By Neylan McBaine
My father was a complicated man, and he had been unhappy for many years before he died relatively young in 2008. I agreed he was “in a better place,” as I was assured by so many friends and family, but because of my faith’s doctrine and because of my own sense of truth I couldn’t believe that my father would have instantly shed all of the character quirks that made relationships so difficult for him in his earthly life.
I believe in the eternal personality of souls, even when that personality brings thorns and eccentricities. As desperately as I would like my father to be immunized in his new home from the plagues that haunted in him life, heaven wouldn’t be much of a heaven at all if we were castrated of color and passion in death.
So what does “a better place” mean for those of us who haven’t quite mastered living in harmony with others? For my father, I believe it is a place where Christ’s presence and the surrounding love of those who have gone before him will prompt a change of heart and a wiser understanding of his worth and purpose. With that increased understanding will come a rest from the inner turmoil and thus a separation from those impulses that made life difficult for him on earth.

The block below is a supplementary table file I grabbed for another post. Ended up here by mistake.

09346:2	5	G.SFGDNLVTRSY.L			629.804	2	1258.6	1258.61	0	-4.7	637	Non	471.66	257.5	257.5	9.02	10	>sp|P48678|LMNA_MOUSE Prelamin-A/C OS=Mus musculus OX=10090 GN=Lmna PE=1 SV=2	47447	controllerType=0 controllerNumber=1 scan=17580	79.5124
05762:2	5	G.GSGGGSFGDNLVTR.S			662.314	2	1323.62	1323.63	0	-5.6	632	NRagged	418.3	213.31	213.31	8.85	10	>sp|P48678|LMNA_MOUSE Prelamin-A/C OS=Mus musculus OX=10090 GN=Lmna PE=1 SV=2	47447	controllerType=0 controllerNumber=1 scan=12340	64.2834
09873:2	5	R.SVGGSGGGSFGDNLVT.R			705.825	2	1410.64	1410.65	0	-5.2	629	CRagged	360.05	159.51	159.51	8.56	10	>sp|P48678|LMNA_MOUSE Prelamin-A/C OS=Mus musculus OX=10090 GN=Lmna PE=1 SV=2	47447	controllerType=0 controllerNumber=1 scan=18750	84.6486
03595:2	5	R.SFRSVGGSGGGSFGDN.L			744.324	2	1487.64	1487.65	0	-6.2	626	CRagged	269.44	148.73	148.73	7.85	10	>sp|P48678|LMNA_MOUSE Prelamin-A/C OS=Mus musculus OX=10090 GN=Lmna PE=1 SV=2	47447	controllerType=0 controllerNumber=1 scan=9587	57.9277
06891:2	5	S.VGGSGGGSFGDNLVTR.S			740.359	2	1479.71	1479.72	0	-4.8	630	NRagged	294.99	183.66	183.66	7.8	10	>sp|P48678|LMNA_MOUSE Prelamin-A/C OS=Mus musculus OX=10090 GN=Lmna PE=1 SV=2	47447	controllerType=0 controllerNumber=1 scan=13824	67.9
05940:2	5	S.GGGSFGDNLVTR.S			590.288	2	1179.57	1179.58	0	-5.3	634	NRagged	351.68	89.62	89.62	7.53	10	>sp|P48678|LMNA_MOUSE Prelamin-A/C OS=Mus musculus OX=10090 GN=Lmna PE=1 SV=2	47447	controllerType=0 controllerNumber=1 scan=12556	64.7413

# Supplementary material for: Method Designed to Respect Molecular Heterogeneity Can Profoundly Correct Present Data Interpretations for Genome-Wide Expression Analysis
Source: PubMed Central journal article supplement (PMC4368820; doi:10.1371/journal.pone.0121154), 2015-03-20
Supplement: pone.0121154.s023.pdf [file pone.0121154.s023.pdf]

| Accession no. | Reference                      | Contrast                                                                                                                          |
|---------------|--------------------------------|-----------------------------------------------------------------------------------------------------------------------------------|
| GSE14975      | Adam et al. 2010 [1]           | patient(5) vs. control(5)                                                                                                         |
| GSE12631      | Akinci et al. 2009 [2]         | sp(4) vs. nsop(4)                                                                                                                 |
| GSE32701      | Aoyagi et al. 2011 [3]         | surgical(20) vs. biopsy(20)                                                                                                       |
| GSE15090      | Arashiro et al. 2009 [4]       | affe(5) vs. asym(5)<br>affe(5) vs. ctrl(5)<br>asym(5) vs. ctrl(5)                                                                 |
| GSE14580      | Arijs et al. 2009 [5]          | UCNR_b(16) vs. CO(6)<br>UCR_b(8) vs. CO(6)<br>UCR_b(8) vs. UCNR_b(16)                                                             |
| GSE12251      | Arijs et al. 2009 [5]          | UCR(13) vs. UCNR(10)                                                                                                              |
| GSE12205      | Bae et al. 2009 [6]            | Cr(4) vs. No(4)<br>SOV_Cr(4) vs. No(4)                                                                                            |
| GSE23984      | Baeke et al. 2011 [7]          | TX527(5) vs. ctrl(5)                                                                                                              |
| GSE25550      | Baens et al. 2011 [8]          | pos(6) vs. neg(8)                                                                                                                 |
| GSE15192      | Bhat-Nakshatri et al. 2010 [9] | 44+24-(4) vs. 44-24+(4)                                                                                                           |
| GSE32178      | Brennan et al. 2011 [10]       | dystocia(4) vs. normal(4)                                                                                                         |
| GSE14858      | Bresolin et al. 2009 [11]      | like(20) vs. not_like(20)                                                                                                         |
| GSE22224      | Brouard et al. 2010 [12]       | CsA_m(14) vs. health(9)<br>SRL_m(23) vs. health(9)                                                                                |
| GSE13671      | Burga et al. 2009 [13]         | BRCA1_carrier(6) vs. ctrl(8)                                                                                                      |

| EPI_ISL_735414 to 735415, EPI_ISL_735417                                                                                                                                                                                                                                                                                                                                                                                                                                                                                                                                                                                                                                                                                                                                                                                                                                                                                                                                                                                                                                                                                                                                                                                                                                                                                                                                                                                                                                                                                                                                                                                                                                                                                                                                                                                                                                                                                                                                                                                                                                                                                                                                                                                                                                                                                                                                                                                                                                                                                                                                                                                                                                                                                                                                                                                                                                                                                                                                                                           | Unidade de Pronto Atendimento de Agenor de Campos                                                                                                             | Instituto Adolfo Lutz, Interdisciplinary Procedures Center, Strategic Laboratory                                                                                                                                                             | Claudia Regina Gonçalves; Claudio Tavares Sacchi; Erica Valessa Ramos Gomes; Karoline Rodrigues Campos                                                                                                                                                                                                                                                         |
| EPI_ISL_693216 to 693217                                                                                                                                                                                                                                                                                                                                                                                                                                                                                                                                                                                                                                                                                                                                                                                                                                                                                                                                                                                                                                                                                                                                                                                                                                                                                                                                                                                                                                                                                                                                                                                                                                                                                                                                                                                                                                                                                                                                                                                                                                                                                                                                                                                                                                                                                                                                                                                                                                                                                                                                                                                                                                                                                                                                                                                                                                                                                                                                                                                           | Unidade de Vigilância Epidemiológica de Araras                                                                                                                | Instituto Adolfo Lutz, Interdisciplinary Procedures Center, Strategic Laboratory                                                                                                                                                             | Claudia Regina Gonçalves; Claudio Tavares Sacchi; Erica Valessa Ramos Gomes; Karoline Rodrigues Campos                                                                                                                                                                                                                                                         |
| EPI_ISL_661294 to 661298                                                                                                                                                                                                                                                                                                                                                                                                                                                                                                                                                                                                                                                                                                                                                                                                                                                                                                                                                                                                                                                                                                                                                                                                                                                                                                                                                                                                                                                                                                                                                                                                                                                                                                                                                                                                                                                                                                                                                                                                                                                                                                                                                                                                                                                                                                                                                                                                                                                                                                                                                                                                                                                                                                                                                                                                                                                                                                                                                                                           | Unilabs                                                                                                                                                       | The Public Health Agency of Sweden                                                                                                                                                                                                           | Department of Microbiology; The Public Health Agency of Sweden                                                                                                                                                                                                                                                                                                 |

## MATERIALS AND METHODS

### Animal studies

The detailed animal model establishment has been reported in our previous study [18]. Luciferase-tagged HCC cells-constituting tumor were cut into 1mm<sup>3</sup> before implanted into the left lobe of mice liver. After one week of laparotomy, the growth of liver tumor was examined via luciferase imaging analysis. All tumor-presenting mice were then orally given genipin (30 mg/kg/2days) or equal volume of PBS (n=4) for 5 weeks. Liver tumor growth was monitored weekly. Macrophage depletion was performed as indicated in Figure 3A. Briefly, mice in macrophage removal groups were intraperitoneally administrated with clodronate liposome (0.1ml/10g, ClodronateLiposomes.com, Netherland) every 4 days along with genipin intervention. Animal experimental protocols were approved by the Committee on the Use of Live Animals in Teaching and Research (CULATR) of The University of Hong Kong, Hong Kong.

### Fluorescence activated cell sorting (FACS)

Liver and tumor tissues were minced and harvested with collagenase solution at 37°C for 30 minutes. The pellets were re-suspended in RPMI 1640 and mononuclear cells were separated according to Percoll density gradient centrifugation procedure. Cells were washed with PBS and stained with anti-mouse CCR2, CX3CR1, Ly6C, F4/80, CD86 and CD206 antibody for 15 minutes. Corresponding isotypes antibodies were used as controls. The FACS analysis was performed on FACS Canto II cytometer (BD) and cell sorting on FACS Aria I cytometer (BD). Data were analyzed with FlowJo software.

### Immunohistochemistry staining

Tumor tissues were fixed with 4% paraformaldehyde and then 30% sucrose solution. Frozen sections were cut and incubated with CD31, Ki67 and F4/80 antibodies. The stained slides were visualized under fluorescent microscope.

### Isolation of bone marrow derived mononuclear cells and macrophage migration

In my father’s better place, there will be work that taps into his greatest talents, relationships that start with clean slates, and the permeating power of the Savior’s love that helps him understand he is a beloved son of God.
Read more from: What Really Happens When We Die?
Neylan McBaine is the author of a collection of personal essays -- How to Be a Twenty-First Century Pioneer Woman (2008) -- and the founder and editor-in-chief of The Mormon Women Project. She blogs at neylanmcbaine.com.